Hussein Chalayan likes to set an intelligence test for his audience. When a lone Asian model walked on stage dressed in what was clearly a genuine ethnic costume, then stood stock-still for fifteen long minutes, there was restlessness and discomfort in the crowd. Was this some sort of silent protest? Was that a tear trickling down the poor girl's face?

When she was joined by several other models whose costumes were increasingly overlaid by black shards of western menswear fabric, the guessing game entered a new round. First, Chalayan segued into black skirt and pantsuits done with his distinctive asymmetric cuts. The free-floating strips of fabric he's been attaching to clothes since last season recurred, both through the tailoring and hitched to jersey dresses, which were constructed to drape, bunch up and fall in waves at the hemline. Then he turned to cotton sweat-fabric, cut raw-edged as tops over little flouncy skirts and as a plunge-front gray halter dress with a full, swingy hemline—simple but elegantly modern. Moving into brown canvas, he cut short dresses and coats with military pockets and then layered a net web over black jersey dresses.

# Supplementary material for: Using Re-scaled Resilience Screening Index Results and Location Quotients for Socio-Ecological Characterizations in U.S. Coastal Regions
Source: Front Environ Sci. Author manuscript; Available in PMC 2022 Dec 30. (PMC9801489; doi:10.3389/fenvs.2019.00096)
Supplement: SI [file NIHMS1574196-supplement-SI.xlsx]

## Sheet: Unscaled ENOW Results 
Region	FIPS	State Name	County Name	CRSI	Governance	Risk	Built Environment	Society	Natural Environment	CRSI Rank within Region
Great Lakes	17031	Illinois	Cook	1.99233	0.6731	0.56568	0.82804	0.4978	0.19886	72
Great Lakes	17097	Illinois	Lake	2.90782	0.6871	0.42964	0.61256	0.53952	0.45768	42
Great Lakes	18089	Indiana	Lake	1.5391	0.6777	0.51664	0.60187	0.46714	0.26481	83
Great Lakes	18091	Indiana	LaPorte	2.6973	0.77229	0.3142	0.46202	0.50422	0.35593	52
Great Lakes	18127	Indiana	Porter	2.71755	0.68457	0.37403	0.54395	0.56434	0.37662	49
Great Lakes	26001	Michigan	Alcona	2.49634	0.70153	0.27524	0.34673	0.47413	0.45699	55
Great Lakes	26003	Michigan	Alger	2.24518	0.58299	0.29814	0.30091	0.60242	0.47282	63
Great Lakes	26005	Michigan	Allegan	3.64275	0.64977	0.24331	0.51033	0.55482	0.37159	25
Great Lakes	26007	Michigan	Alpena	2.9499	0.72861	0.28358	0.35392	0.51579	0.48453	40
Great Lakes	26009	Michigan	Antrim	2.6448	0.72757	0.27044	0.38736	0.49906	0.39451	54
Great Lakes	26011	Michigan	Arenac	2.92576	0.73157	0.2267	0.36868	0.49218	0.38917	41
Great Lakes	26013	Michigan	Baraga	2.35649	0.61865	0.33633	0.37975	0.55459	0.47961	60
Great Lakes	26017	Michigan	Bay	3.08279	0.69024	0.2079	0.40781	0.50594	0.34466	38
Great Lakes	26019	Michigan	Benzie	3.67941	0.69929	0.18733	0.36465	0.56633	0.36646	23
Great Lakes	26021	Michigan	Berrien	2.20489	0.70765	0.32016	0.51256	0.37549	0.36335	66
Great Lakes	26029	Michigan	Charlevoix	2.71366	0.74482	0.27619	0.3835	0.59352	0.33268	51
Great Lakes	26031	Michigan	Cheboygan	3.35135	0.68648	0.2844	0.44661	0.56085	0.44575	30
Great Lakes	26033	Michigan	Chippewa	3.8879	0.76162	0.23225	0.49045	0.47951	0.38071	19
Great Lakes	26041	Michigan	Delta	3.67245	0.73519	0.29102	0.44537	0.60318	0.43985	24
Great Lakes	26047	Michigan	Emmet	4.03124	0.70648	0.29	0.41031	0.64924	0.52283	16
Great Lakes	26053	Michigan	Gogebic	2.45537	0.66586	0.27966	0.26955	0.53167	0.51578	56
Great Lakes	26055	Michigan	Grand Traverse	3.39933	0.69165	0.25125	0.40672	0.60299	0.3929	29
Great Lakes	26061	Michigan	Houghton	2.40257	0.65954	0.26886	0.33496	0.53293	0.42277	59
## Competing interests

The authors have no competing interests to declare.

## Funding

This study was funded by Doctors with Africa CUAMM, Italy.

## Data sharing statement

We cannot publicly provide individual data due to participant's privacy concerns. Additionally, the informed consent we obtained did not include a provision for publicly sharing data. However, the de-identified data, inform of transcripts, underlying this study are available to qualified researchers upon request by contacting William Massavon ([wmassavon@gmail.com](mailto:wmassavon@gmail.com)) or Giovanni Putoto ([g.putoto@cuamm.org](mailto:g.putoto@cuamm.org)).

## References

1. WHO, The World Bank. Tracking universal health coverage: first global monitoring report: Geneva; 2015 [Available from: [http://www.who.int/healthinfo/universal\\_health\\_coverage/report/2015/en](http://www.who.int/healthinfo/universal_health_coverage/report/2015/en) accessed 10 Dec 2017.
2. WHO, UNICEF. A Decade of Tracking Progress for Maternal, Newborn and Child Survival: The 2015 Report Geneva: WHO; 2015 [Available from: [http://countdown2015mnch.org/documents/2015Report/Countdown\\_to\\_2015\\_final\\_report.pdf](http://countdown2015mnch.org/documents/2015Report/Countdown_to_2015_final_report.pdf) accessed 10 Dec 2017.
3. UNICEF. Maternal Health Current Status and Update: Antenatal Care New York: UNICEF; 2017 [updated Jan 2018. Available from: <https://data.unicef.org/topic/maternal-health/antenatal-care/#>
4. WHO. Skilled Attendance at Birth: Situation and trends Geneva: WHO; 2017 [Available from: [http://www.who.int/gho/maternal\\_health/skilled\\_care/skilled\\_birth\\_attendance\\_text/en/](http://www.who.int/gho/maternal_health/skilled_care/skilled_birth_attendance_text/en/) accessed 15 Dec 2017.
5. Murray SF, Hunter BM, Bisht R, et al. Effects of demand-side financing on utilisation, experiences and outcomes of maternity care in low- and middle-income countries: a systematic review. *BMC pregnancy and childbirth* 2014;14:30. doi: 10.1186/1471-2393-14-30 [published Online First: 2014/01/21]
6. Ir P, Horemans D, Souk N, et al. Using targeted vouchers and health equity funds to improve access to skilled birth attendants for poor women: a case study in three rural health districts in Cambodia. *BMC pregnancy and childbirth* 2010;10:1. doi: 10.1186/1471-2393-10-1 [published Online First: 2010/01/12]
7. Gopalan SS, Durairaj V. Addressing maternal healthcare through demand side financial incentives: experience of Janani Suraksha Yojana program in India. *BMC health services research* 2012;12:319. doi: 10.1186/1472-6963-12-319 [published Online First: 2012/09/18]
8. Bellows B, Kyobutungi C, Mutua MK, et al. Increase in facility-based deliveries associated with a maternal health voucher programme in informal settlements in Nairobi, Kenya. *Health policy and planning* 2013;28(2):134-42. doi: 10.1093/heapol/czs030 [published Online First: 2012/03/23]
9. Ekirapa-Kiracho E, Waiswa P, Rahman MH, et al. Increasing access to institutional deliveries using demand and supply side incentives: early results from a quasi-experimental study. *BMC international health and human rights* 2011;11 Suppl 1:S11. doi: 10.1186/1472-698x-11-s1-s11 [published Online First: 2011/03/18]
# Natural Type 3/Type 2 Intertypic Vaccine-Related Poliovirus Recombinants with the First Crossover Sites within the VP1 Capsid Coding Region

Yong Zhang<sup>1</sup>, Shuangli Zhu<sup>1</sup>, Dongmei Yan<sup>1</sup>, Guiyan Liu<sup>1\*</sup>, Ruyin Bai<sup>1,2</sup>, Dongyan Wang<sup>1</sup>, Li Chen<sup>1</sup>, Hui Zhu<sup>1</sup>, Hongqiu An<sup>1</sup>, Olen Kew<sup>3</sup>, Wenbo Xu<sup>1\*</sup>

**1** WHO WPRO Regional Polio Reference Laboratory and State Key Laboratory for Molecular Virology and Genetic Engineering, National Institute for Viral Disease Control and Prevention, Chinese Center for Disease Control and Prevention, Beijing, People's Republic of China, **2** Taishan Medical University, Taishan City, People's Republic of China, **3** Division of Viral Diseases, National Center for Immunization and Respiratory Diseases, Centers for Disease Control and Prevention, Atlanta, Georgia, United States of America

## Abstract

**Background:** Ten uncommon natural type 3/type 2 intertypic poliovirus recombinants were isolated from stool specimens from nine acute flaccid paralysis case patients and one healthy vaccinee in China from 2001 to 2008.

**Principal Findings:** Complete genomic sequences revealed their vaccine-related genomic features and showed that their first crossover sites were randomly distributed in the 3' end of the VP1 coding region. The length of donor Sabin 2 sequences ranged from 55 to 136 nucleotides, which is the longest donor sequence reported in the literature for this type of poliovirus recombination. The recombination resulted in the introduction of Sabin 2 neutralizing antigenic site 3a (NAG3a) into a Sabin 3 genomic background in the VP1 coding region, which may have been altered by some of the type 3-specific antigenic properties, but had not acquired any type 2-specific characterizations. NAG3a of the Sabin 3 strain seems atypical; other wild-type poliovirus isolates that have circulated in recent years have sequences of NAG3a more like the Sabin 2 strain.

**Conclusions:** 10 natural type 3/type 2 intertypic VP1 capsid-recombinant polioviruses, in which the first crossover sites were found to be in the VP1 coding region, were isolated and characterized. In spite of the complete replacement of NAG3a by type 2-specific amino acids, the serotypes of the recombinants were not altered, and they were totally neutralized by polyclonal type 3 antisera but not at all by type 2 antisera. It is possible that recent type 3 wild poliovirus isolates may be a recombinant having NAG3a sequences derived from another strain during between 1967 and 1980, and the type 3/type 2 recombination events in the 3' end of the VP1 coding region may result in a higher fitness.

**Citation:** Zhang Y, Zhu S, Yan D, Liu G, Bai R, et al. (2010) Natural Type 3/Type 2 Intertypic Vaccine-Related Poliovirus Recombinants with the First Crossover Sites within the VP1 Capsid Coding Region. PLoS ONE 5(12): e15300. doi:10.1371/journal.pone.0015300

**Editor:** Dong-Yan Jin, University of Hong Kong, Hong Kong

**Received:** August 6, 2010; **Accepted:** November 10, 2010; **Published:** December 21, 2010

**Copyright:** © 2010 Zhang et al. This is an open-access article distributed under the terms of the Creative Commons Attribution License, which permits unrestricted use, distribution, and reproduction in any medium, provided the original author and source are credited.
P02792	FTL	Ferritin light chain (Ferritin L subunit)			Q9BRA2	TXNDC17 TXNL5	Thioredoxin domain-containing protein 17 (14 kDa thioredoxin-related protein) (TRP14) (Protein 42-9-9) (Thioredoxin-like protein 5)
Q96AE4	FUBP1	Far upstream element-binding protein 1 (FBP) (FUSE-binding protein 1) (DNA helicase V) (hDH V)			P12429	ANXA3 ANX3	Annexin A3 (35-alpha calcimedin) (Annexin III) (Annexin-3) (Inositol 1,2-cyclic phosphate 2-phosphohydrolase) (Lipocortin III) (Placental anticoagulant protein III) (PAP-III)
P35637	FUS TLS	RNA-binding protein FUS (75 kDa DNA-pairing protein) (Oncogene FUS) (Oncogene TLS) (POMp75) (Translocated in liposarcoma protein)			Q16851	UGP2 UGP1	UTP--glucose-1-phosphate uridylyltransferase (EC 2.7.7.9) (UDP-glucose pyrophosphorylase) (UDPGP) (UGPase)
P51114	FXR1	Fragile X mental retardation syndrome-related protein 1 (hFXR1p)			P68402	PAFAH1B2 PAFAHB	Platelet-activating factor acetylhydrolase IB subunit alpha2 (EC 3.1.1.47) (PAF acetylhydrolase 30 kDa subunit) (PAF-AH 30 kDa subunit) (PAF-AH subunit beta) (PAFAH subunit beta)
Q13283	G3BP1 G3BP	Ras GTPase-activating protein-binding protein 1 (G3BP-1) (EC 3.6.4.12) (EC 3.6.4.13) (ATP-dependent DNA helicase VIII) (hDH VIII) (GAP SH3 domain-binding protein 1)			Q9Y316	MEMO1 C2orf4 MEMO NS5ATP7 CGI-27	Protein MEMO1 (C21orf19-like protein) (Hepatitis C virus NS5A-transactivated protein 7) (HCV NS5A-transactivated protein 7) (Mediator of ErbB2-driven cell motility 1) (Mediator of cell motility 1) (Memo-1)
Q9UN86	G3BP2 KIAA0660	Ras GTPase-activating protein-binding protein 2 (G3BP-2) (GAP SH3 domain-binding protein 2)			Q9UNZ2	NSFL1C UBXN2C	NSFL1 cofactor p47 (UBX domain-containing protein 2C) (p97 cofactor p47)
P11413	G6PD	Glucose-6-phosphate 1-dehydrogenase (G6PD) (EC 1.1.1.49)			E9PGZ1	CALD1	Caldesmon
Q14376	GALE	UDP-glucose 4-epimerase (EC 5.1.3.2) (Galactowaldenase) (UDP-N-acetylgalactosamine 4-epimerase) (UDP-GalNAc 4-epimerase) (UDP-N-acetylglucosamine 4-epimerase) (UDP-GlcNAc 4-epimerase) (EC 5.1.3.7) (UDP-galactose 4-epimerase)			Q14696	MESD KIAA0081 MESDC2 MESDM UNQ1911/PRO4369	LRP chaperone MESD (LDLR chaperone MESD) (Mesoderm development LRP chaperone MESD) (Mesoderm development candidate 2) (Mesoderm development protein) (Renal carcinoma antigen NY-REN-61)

After the show, Chalayan revealed that the ethnic costume came from a region of eastern Turkey, but refused any further explanation, saying, "Interpret it as you will." No matter: neither enigmatic pronouncements nor symbolic gestures could obscure the fact that these were stunning—and quite original—clothes.